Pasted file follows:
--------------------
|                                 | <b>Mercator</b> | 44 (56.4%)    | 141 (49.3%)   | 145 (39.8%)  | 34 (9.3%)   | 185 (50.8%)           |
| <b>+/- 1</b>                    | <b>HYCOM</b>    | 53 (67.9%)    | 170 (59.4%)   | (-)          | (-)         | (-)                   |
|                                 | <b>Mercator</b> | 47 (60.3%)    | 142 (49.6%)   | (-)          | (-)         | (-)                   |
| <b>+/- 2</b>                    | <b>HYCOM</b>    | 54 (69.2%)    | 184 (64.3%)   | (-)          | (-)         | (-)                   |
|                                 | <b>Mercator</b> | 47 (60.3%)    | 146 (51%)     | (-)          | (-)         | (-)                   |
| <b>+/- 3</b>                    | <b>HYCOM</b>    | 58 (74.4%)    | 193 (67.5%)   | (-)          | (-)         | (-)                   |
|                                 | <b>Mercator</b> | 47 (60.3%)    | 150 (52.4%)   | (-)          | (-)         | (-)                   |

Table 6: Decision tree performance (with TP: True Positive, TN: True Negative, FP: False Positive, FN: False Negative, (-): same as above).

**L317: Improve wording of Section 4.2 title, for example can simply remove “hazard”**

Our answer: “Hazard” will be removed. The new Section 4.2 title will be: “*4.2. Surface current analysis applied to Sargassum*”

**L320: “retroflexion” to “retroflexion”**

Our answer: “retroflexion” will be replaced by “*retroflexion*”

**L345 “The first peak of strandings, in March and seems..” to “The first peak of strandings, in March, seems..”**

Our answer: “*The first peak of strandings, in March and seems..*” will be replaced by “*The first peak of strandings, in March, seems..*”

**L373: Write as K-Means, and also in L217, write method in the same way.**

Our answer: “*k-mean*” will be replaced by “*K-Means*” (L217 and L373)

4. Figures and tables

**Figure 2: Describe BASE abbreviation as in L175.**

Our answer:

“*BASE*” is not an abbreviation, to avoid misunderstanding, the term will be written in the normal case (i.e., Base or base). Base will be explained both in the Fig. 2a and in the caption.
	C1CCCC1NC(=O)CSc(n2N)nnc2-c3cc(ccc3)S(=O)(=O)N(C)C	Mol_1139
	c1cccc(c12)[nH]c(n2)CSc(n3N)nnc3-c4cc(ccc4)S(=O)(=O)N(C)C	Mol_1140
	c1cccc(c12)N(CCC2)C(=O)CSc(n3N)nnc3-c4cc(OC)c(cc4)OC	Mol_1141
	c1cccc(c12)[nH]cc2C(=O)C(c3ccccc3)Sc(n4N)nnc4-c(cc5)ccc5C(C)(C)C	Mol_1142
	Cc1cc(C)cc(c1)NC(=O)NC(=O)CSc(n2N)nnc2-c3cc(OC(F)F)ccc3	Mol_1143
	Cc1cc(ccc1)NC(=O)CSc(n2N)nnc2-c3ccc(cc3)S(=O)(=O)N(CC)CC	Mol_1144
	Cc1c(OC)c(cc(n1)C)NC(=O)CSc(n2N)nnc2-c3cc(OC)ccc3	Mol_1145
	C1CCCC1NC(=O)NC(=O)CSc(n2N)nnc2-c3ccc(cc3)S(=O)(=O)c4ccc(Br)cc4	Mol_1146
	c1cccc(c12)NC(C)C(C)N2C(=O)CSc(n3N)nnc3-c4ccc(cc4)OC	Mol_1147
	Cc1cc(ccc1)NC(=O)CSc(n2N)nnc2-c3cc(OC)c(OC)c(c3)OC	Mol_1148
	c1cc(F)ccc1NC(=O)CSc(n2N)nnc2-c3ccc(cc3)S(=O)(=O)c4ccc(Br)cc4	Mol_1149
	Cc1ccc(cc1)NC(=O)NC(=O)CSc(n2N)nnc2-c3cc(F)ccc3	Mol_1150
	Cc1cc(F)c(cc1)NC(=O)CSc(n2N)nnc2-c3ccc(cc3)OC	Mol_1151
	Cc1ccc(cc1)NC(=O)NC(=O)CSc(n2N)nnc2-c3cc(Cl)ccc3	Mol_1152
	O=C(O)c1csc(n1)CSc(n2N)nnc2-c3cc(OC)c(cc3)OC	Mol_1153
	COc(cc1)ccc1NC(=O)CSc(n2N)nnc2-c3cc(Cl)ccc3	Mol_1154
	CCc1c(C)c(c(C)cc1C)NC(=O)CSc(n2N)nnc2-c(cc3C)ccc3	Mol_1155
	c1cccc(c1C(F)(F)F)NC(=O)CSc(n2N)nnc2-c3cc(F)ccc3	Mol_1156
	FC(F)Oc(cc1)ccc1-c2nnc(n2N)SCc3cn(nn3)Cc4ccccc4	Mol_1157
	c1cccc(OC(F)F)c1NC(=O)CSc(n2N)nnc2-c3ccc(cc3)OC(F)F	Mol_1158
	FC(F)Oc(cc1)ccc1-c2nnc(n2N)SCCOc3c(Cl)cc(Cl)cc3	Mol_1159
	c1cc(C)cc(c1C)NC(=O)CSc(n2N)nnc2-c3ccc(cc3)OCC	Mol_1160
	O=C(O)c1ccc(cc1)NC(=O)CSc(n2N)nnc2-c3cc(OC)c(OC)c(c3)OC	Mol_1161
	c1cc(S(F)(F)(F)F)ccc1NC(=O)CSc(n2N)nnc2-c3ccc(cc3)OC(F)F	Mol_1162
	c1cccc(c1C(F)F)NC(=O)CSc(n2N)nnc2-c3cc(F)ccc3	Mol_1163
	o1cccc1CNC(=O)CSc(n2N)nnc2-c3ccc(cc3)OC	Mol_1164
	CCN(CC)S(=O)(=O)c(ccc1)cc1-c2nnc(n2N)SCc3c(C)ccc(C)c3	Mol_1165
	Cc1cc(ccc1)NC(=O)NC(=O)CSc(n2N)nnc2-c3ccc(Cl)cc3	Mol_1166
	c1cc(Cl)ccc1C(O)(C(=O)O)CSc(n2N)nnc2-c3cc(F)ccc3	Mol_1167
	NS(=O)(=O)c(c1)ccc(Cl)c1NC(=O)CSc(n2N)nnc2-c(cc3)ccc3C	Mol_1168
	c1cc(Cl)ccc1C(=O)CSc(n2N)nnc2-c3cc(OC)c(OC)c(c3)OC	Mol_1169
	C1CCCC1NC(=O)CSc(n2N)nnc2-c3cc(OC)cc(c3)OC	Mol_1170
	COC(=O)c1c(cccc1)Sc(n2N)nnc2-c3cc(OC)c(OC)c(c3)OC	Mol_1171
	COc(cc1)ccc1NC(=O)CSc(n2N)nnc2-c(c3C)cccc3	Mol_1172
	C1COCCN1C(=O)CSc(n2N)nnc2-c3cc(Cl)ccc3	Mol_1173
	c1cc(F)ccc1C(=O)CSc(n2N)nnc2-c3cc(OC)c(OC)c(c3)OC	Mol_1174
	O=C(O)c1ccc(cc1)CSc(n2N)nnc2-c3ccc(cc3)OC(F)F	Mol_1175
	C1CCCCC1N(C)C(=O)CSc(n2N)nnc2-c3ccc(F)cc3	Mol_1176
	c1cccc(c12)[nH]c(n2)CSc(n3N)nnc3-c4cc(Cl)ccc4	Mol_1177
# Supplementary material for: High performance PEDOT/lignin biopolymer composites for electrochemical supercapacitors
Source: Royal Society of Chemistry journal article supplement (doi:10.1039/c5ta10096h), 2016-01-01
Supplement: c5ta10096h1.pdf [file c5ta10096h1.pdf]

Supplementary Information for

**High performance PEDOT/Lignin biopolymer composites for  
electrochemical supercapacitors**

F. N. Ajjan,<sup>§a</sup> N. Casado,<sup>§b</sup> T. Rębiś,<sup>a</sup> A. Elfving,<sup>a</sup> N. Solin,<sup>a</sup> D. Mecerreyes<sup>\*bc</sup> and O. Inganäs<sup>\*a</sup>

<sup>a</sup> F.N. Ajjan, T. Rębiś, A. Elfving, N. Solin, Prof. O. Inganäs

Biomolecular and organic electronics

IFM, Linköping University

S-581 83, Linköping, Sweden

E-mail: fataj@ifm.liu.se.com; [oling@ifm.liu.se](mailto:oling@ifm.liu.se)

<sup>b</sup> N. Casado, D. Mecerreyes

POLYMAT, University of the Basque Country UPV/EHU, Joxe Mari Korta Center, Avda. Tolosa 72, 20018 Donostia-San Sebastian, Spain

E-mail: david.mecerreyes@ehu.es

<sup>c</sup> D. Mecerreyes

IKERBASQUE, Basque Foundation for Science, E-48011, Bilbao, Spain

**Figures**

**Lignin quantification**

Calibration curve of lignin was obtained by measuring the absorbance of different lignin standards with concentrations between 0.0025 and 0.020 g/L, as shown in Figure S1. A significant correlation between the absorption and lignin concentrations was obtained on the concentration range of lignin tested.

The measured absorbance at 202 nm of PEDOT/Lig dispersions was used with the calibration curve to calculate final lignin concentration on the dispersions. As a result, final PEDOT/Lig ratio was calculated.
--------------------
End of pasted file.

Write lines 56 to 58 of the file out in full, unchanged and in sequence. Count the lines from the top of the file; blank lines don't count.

	c1cc(F)ccc1C(=O)CSc(n2N)nnc2-c3cc(OC)c(OC)c(c3)OC	Mol_1174
	O=C(O)c1ccc(cc1)CSc(n2N)nnc2-c3ccc(cc3)OC(F)F	Mol_1175
	C1CCCCC1N(C)C(=O)CSc(n2N)nnc2-c3ccc(F)cc3	Mol_1176